If that is the case — and both a Christian account of the world and decades of data show that it is — then growing up with a present, good, and godly father is indeed one of the best advantages, or “privileges,” that anyone can have.

Pastor and abortion abolitionist leader Dusty Deevers offered this heartwarming reflection on the goodness of having a caring, responsible, and godly father:

“Every day I realize more and more how indebted I am to my father for the upbringing he gave my family. Dementia has him bedridden and non-lucid. I so wish we could talk, but his wisdom still leads, watches over, and talks with me daily and will for his posterity (Prov 6:20-23).”

Given this reality, one would think that if progressive liberals really cared about generating better life outcomes, instead of peddling grievance politics, this is what they would focus on — the epidemic of fatherlessness currently gripping our nation (conservative estimates show that over 20 million American children live in homes without their fathers). But that doesn’t sell nearly as many books and seminars as the latest intersectionality-driven effort to blame straight, white, Christian men for all of America’s problems.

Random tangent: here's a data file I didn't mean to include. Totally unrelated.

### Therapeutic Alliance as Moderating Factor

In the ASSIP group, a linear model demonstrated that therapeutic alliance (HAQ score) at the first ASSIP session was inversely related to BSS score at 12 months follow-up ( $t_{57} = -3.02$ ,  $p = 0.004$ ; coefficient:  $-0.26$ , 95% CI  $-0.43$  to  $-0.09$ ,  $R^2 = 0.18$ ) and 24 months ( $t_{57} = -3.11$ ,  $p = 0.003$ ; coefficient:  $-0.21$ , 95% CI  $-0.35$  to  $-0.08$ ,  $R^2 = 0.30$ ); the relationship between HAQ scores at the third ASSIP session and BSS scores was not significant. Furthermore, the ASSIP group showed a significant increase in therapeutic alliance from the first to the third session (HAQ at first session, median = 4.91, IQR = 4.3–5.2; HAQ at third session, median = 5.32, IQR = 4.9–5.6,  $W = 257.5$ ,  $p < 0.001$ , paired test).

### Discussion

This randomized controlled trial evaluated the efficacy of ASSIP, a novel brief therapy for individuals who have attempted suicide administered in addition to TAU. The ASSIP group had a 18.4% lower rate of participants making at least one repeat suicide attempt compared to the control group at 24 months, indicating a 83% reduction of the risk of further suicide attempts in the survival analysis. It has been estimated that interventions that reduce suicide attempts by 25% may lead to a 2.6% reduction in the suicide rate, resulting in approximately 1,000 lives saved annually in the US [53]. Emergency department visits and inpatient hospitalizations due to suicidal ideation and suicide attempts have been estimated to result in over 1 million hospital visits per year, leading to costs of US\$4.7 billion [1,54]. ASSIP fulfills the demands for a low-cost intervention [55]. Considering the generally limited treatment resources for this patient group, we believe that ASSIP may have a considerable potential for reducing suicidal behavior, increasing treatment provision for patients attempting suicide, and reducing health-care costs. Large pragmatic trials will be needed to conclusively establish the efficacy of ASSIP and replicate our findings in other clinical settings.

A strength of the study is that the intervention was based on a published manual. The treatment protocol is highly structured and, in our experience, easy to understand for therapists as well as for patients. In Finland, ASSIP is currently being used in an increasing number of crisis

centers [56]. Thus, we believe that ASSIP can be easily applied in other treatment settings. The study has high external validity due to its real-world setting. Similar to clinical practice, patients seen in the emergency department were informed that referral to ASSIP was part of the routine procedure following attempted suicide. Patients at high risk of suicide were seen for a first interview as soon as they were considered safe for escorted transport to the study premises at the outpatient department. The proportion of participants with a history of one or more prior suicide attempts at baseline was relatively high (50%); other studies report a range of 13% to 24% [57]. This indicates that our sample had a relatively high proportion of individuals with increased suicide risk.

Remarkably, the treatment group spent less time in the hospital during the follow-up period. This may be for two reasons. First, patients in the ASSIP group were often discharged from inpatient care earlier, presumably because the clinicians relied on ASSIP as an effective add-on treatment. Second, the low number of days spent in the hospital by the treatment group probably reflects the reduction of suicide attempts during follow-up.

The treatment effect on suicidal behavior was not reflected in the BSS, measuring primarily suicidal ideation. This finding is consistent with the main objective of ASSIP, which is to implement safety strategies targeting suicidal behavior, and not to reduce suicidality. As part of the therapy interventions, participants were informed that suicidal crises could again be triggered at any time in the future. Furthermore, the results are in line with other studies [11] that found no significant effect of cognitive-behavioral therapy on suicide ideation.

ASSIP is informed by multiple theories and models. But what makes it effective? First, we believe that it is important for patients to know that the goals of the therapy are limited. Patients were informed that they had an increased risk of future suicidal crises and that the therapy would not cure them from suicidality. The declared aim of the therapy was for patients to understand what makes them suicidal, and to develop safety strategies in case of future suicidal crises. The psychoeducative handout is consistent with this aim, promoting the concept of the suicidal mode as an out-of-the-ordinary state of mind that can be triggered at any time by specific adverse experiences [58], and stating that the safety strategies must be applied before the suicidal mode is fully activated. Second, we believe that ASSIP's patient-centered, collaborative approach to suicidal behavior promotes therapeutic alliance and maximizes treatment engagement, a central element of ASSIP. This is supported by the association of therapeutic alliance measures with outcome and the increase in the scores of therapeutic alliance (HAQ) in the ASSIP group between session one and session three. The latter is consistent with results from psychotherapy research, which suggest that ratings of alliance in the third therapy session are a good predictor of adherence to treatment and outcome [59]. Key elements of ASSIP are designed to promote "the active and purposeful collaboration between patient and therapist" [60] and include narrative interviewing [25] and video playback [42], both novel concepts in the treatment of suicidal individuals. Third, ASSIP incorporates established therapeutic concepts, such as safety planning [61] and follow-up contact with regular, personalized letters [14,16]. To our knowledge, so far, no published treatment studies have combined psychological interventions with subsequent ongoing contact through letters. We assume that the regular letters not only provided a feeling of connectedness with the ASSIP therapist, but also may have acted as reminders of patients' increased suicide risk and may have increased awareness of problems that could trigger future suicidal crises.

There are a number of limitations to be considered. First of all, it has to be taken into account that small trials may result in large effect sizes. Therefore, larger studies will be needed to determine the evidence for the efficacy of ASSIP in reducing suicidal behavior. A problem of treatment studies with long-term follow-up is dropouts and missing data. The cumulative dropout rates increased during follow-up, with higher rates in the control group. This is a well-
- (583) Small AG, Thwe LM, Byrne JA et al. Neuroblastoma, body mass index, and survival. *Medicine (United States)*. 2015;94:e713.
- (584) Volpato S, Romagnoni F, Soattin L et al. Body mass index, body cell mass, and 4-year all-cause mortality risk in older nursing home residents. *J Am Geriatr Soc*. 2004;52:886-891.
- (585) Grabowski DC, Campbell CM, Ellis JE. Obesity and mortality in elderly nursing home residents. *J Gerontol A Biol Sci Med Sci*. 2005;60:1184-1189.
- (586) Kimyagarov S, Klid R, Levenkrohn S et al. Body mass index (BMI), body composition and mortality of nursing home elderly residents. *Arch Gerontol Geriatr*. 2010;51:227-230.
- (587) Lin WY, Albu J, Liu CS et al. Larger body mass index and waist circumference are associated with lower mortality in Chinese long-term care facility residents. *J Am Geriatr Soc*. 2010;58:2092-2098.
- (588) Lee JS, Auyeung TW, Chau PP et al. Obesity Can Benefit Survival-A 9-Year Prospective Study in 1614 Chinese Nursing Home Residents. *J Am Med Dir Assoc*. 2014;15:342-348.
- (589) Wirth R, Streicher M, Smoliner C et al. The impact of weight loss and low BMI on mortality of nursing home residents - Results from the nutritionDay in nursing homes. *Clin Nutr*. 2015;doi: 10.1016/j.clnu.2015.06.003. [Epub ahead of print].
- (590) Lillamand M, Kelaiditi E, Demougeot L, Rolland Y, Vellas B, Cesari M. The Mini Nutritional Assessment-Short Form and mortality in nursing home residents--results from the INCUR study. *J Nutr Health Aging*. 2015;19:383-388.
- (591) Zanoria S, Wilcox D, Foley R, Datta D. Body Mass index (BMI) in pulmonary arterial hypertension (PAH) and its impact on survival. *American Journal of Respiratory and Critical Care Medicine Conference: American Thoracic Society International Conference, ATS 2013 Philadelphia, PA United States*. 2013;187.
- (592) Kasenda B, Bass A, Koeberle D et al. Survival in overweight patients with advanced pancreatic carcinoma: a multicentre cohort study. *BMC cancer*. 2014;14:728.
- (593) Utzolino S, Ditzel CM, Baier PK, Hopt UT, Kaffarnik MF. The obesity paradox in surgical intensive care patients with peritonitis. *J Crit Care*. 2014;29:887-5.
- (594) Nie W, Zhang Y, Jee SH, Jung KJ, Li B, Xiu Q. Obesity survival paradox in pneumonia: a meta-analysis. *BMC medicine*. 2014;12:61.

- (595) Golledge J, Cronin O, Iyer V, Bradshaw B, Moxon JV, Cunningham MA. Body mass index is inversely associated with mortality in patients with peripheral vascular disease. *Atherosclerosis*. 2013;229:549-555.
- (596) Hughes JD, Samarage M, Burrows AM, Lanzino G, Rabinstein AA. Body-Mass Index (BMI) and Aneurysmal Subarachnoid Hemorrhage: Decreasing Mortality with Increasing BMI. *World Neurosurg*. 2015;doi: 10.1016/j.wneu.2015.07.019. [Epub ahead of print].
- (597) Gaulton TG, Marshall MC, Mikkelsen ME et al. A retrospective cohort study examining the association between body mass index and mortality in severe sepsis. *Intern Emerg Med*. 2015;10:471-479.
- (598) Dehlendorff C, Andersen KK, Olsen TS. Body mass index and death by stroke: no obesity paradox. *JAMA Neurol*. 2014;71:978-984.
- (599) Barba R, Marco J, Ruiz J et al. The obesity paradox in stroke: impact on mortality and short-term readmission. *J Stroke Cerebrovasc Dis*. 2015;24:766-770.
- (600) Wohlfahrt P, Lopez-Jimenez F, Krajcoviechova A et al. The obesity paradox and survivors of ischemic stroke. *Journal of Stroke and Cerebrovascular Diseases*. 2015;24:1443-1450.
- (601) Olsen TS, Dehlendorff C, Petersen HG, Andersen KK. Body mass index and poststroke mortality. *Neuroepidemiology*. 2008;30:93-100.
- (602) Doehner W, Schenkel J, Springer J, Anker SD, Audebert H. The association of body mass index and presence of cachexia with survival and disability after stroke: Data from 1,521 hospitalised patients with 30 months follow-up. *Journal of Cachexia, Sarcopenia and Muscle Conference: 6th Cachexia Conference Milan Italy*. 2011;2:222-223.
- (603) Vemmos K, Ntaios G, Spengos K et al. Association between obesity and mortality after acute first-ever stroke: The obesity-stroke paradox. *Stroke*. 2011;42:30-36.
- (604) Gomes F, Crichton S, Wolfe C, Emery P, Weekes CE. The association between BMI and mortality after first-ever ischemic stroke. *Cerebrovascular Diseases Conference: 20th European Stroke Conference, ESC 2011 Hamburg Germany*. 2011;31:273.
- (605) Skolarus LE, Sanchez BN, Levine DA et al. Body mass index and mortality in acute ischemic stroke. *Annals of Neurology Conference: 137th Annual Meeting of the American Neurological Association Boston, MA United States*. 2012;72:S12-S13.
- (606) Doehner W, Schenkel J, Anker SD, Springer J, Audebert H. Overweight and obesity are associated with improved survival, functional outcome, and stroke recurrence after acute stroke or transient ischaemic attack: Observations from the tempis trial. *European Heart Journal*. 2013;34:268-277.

Theologian Owen Strachan summarized the importance of fathers in his own Father’s Day reflection, arguing,

“In human terms, we need fathers more than anything else—redeemed men who hold fast to their wife, men who love their children, men who protect and provide and lead, men who by God’s grace stand between the devil and their loved ones and say, ‘Not today and not ever, Satan.’”

Amen! Not today, Satan. Not today.

If you never had this “father privilege,” pray that God allows you to be a good father to your own kids one day. You can break the chain. You can end the cycle. How do I know that? Because Christ conquered the grave — and now sits at the right hand of the Father willing and able to help us all in our time of need.

So, as with all my privileges in life, I refuse to be embarrassed by them or apologize for having them. Growing up with “father privilege” was an incredible gift from God and I’m deeply thankful for it. As I argued last year on Father’s Day, working to ensure that more and more children receive “father privilege” growing up is incredibly important, because nothing less than our entire society is on the line:

“Fathers are the cornerstone of society — for good or for ill. Strong, engaged, present fathers will yield a strong, secure, and good society. Weak, distracted, absent fathers will yield a weak, crumbling, and confused society. Let us honor and build up fathers today — and every day. Much more than we can imagine is counting on it.”

Follow William on Twitter! @William_E_Wolfe

Ready to dive deeper into the intersection of faith and policy? Head over to our Theology of Politics series page where we’ve published several long-form pieces that will help Christians navigate where their faith should direct them on political issues.